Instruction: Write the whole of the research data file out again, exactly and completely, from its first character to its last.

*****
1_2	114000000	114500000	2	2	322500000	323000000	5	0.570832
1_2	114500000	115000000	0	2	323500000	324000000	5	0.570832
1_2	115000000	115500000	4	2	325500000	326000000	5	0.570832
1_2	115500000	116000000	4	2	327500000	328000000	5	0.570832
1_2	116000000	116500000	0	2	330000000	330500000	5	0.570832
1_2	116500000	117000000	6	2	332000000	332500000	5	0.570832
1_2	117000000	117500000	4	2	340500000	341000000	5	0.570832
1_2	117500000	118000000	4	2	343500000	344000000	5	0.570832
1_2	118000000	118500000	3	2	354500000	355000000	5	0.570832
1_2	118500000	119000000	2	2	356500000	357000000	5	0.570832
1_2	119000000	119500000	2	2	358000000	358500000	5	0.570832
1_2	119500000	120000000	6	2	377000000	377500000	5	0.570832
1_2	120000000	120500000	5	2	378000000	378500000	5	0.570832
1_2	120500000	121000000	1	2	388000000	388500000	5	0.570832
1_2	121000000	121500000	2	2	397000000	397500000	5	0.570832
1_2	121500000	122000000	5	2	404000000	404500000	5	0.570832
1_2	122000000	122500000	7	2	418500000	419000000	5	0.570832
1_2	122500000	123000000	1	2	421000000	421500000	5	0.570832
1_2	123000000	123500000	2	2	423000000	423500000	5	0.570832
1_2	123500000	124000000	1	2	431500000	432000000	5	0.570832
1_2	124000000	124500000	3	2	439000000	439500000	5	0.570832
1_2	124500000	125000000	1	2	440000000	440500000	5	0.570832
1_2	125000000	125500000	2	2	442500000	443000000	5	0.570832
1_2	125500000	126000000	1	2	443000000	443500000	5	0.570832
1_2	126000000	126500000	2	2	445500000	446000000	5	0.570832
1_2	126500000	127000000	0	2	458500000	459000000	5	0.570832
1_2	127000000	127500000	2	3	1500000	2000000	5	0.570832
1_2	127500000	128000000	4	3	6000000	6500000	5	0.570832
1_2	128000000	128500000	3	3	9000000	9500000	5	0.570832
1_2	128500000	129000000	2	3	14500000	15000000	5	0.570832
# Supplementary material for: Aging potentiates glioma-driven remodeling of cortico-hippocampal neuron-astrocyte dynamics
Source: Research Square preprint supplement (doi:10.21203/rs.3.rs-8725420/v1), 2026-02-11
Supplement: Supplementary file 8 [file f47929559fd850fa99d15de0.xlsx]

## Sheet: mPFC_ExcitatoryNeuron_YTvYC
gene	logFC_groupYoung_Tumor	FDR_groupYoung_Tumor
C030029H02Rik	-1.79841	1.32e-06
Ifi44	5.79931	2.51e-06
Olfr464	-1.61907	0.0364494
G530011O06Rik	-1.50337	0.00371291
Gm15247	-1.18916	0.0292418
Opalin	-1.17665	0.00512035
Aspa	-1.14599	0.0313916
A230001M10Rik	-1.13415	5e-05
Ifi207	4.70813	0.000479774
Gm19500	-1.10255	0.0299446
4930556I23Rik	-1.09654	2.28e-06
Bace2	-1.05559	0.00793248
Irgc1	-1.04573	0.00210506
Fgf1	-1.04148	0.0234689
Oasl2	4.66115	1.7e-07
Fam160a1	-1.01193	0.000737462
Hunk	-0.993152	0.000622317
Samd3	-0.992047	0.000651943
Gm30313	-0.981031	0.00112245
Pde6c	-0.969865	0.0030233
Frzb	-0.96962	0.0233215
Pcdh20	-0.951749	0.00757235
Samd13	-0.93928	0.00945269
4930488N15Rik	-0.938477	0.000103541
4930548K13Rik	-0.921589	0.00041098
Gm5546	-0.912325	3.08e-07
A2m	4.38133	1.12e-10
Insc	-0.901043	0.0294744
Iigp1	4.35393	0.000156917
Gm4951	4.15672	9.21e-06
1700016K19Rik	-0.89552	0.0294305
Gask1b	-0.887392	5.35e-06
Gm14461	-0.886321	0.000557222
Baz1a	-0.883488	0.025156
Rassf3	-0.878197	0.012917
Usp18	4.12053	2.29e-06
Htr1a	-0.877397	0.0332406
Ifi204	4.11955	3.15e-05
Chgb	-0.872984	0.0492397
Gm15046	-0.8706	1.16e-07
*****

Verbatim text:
1_2	114000000	114500000	2	2	322500000	323000000	5	0.570832
1_2	114500000	115000000	0	2	323500000	324000000	5	0.570832
1_2	115000000	115500000	4	2	325500000	326000000	5	0.570832
1_2	115500000	116000000	4	2	327500000	328000000	5	0.570832
1_2	116000000	116500000	0	2	330000000	330500000	5	0.570832
1_2	116500000	117000000	6	2	332000000	332500000	5	0.570832
1_2	117000000	117500000	4	2	340500000	341000000	5	0.570832
1_2	117500000	118000000	4	2	343500000	344000000	5	0.570832
1_2	118000000	118500000	3	2	354500000	355000000	5	0.570832
1_2	118500000	119000000	2	2	356500000	357000000	5	0.570832
1_2	119000000	119500000	2	2	358000000	358500000	5	0.570832
1_2	119500000	120000000	6	2	377000000	377500000	5	0.570832
1_2	120000000	120500000	5	2	378000000	378500000	5	0.570832
1_2	120500000	121000000	1	2	388000000	388500000	5	0.570832
1_2	121000000	121500000	2	2	397000000	397500000	5	0.570832
1_2	121500000	122000000	5	2	404000000	404500000	5	0.570832
1_2	122000000	122500000	7	2	418500000	419000000	5	0.570832
1_2	122500000	123000000	1	2	421000000	421500000	5	0.570832
1_2	123000000	123500000	2	2	423000000	423500000	5	0.570832
1_2	123500000	124000000	1	2	431500000	432000000	5	0.570832
1_2	124000000	124500000	3	2	439000000	439500000	5	0.570832
1_2	124500000	125000000	1	2	440000000	440500000	5	0.570832
1_2	125000000	125500000	2	2	442500000	443000000	5	0.570832
1_2	125500000	126000000	1	2	443000000	443500000	5	0.570832
1_2	126000000	126500000	2	2	445500000	446000000	5	0.570832
1_2	126500000	127000000	0	2	458500000	459000000	5	0.570832
1_2	127000000	127500000	2	3	1500000	2000000	5	0.570832
1_2	127500000	128000000	4	3	6000000	6500000	5	0.570832
1_2	128000000	128500000	3	3	9000000	9500000	5	0.570832
1_2	128500000	129000000	2	3	14500000	15000000	5	0.570832
# Supplementary material for: Aging potentiates glioma-driven remodeling of cortico-hippocampal neuron-astrocyte dynamics
Source: Research Square preprint supplement (doi:10.21203/rs.3.rs-8725420/v1), 2026-02-11
Supplement: Supplementary file 8 [file f47929559fd850fa99d15de0.xlsx]

## Sheet: mPFC_ExcitatoryNeuron_YTvYC
gene	logFC_groupYoung_Tumor	FDR_groupYoung_Tumor
C030029H02Rik	-1.79841	1.32e-06
Ifi44	5.79931	2.51e-06
Olfr464	-1.61907	0.0364494
G530011O06Rik	-1.50337	0.00371291
Gm15247	-1.18916	0.0292418
Opalin	-1.17665	0.00512035
Aspa	-1.14599	0.0313916
A230001M10Rik	-1.13415	5e-05
Ifi207	4.70813	0.000479774
Gm19500	-1.10255	0.0299446
4930556I23Rik	-1.09654	2.28e-06
Bace2	-1.05559	0.00793248
Irgc1	-1.04573	0.00210506
Fgf1	-1.04148	0.0234689
Oasl2	4.66115	1.7e-07
Fam160a1	-1.01193	0.000737462
Hunk	-0.993152	0.000622317
Samd3	-0.992047	0.000651943
Gm30313	-0.981031	0.00112245
Pde6c	-0.969865	0.0030233
Frzb	-0.96962	0.0233215
Pcdh20	-0.951749	0.00757235
Samd13	-0.93928	0.00945269
4930488N15Rik	-0.938477	0.000103541
4930548K13Rik	-0.921589	0.00041098
Gm5546	-0.912325	3.08e-07
A2m	4.38133	1.12e-10
Insc	-0.901043	0.0294744
Iigp1	4.35393	0.000156917
Gm4951	4.15672	9.21e-06
1700016K19Rik	-0.89552	0.0294305
Gask1b	-0.887392	5.35e-06
Gm14461	-0.886321	0.000557222
Baz1a	-0.883488	0.025156
Rassf3	-0.878197	0.012917
Usp18	4.12053	2.29e-06
Htr1a	-0.877397	0.0332406
Ifi204	4.11955	3.15e-05
Chgb	-0.872984	0.0492397
Gm15046	-0.8706	1.16e-07